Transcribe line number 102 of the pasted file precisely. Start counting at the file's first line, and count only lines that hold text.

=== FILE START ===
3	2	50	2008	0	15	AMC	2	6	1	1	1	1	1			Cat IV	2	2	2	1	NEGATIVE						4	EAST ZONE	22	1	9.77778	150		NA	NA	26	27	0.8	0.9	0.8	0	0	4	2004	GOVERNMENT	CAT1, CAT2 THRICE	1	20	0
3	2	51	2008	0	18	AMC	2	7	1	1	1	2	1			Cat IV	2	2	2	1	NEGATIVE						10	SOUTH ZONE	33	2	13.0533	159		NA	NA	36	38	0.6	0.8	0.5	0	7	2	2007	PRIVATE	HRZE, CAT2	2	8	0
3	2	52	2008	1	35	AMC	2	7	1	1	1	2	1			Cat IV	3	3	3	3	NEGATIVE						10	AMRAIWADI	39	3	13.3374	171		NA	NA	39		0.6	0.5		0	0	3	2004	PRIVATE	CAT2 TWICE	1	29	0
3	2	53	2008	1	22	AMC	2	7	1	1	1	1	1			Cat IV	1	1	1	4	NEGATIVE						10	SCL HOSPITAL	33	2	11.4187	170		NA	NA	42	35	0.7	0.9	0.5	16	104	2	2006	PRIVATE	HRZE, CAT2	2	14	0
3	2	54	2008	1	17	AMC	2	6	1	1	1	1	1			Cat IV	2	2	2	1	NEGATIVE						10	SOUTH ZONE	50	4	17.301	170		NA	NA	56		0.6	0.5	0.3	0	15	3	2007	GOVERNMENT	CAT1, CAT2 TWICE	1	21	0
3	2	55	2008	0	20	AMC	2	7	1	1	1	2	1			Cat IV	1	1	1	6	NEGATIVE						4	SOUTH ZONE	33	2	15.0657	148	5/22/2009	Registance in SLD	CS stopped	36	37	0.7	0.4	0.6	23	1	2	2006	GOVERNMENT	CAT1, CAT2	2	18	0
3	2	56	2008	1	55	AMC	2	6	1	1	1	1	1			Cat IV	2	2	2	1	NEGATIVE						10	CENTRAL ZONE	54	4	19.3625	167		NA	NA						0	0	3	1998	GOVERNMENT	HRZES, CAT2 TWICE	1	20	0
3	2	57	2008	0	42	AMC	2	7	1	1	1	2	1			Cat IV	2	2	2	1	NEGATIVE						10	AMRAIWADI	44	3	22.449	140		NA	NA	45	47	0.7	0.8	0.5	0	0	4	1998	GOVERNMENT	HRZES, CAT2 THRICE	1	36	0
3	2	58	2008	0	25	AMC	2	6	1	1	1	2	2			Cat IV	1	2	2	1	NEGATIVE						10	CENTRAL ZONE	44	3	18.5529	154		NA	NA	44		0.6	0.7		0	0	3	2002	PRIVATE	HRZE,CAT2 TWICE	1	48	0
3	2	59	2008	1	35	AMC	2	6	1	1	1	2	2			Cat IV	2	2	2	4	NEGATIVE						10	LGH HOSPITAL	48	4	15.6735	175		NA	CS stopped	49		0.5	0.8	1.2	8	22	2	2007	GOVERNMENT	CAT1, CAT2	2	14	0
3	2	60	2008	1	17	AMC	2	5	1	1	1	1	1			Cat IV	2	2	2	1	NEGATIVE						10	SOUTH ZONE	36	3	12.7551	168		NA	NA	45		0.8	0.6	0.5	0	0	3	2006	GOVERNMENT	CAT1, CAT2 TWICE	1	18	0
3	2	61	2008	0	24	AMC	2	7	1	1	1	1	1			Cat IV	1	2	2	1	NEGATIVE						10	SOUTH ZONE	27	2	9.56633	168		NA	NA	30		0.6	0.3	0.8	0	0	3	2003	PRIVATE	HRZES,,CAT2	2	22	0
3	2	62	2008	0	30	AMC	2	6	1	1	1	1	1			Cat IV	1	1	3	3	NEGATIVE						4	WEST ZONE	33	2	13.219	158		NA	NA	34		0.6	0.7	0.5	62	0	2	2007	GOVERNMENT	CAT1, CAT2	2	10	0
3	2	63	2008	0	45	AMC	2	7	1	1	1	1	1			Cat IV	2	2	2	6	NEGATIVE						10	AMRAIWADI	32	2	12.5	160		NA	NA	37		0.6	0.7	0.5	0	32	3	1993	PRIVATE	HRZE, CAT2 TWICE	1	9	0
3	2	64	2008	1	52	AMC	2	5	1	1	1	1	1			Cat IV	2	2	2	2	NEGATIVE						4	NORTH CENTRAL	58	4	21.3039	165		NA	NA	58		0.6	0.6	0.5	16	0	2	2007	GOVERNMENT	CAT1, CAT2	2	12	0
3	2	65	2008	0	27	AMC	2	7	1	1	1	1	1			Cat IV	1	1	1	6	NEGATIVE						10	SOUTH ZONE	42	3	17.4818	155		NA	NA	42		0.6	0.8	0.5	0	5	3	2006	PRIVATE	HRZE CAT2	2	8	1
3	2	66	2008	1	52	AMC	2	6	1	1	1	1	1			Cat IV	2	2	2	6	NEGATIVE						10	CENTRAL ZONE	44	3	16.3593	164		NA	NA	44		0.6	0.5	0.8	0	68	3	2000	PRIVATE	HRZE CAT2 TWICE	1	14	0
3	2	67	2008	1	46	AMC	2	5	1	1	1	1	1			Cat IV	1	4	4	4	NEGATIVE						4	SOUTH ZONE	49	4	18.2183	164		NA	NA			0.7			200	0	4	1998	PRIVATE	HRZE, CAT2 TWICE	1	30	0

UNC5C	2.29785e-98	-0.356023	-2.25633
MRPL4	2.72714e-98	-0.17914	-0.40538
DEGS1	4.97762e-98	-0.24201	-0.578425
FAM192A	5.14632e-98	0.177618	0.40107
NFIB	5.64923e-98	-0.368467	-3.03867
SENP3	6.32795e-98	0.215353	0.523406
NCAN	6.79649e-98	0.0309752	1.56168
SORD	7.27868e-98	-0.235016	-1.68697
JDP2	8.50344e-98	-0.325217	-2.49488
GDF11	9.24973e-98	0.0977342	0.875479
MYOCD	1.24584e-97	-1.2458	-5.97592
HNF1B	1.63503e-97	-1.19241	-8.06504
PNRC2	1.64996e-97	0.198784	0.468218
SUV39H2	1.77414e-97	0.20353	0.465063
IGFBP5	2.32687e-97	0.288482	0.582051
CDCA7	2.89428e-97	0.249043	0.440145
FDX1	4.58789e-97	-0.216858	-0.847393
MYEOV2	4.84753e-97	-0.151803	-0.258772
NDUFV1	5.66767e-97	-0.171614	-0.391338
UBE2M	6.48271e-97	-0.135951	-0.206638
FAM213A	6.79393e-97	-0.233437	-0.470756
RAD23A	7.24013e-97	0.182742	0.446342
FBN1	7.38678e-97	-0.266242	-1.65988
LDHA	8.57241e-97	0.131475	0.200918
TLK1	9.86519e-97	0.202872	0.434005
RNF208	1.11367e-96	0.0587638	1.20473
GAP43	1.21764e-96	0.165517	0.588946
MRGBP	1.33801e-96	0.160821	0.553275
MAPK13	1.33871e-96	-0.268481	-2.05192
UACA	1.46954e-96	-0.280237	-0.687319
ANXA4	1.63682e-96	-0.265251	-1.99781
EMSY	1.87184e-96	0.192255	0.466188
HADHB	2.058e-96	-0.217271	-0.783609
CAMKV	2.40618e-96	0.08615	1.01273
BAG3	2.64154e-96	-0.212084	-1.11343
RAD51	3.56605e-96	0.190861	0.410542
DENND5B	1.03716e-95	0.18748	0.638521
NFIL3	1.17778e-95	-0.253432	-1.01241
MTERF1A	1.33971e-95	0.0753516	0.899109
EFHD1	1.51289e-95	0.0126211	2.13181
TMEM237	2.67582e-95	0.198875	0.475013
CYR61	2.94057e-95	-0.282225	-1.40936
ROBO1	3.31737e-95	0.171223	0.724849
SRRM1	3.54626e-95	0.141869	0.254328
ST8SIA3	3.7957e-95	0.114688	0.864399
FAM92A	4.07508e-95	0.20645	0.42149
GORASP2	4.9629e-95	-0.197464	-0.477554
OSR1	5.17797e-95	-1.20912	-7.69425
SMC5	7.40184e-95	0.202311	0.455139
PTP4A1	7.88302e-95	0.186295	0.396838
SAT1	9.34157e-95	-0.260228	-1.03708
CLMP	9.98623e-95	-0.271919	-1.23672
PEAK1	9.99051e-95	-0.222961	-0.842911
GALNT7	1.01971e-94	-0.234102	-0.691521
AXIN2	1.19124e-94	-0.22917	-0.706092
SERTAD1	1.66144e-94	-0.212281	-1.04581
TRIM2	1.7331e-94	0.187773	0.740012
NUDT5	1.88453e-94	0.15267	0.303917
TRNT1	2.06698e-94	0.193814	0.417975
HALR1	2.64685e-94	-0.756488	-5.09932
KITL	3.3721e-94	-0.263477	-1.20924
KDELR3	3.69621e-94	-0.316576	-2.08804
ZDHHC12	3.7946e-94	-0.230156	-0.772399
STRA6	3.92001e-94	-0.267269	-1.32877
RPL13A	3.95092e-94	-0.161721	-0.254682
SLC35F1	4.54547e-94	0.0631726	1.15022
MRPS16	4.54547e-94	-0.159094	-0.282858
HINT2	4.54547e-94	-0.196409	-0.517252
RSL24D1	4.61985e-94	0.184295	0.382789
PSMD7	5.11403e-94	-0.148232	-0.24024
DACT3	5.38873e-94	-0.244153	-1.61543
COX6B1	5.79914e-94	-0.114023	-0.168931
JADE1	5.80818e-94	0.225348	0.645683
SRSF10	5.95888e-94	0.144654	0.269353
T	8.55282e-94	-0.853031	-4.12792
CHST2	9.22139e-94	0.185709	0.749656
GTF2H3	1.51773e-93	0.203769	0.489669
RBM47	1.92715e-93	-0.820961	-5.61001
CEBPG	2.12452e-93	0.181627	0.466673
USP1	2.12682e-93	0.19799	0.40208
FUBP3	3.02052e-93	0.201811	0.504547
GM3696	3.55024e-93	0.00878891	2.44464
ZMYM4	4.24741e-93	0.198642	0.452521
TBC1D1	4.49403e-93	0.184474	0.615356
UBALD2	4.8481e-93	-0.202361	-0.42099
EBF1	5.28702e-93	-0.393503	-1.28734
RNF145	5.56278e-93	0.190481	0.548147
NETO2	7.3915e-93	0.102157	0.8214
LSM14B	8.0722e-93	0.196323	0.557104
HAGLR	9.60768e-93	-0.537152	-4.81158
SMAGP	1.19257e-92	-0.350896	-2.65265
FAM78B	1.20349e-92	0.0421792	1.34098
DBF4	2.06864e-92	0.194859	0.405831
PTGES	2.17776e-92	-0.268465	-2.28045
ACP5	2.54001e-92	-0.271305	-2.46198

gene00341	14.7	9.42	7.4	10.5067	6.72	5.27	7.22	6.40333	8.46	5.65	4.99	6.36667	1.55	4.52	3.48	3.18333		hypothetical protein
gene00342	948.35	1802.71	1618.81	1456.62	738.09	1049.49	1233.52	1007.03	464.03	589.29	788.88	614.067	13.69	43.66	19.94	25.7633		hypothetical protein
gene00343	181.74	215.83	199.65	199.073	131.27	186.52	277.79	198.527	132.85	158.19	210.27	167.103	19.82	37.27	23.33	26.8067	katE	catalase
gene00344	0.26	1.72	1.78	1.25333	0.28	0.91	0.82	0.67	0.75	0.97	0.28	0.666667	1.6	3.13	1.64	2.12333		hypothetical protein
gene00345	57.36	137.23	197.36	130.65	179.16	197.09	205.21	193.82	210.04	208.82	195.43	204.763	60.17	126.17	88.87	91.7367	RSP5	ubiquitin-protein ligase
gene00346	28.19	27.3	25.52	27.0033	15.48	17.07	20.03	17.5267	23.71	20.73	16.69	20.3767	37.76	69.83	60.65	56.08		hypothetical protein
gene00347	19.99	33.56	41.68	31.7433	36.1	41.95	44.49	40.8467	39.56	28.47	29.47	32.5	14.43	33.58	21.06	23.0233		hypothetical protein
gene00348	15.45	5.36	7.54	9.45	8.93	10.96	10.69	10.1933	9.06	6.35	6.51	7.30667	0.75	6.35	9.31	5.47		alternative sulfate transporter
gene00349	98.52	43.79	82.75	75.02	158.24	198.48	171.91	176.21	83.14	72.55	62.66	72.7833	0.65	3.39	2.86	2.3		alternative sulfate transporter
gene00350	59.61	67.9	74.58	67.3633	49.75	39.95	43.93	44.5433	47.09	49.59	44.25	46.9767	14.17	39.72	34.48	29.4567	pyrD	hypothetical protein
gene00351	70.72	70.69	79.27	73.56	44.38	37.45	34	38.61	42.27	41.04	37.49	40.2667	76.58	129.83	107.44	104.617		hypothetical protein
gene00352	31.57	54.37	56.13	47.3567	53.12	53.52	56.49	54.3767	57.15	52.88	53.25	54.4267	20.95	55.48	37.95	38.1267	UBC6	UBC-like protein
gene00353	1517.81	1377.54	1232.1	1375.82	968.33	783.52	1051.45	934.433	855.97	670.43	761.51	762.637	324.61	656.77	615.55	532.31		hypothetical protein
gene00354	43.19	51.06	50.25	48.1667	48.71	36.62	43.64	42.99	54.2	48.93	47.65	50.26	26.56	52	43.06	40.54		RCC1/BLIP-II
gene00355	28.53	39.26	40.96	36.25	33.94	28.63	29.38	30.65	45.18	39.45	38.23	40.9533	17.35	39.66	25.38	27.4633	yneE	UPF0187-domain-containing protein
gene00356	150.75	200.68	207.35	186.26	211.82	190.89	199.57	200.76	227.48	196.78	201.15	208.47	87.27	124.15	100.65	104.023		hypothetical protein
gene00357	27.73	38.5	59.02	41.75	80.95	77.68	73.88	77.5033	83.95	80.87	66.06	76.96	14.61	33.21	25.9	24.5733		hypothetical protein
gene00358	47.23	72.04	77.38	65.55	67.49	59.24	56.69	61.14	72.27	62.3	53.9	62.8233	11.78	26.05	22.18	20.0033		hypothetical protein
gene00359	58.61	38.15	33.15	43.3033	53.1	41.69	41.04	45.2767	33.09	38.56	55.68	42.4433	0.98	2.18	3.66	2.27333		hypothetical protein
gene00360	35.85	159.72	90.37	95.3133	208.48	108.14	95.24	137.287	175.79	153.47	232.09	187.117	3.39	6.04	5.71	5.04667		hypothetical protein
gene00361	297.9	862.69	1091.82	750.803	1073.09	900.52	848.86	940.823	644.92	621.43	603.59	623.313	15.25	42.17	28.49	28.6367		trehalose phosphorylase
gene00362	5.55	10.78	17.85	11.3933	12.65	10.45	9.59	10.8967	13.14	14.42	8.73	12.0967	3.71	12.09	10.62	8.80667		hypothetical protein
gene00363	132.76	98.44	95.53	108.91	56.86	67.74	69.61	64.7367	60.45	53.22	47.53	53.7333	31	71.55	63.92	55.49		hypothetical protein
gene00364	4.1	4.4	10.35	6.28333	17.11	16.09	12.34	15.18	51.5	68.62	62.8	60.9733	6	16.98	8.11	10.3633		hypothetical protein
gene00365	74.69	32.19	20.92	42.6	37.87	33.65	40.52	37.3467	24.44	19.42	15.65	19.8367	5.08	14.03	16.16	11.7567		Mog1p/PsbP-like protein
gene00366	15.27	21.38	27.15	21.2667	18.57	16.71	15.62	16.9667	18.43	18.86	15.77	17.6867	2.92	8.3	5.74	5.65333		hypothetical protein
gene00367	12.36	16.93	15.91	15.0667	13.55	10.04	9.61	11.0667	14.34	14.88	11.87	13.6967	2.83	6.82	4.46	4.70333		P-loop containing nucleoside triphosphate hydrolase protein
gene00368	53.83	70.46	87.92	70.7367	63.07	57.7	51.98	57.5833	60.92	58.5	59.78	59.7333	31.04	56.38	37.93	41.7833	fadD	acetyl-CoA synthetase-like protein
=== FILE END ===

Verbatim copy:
TBC1D1	4.49403e-93	0.184474	0.615356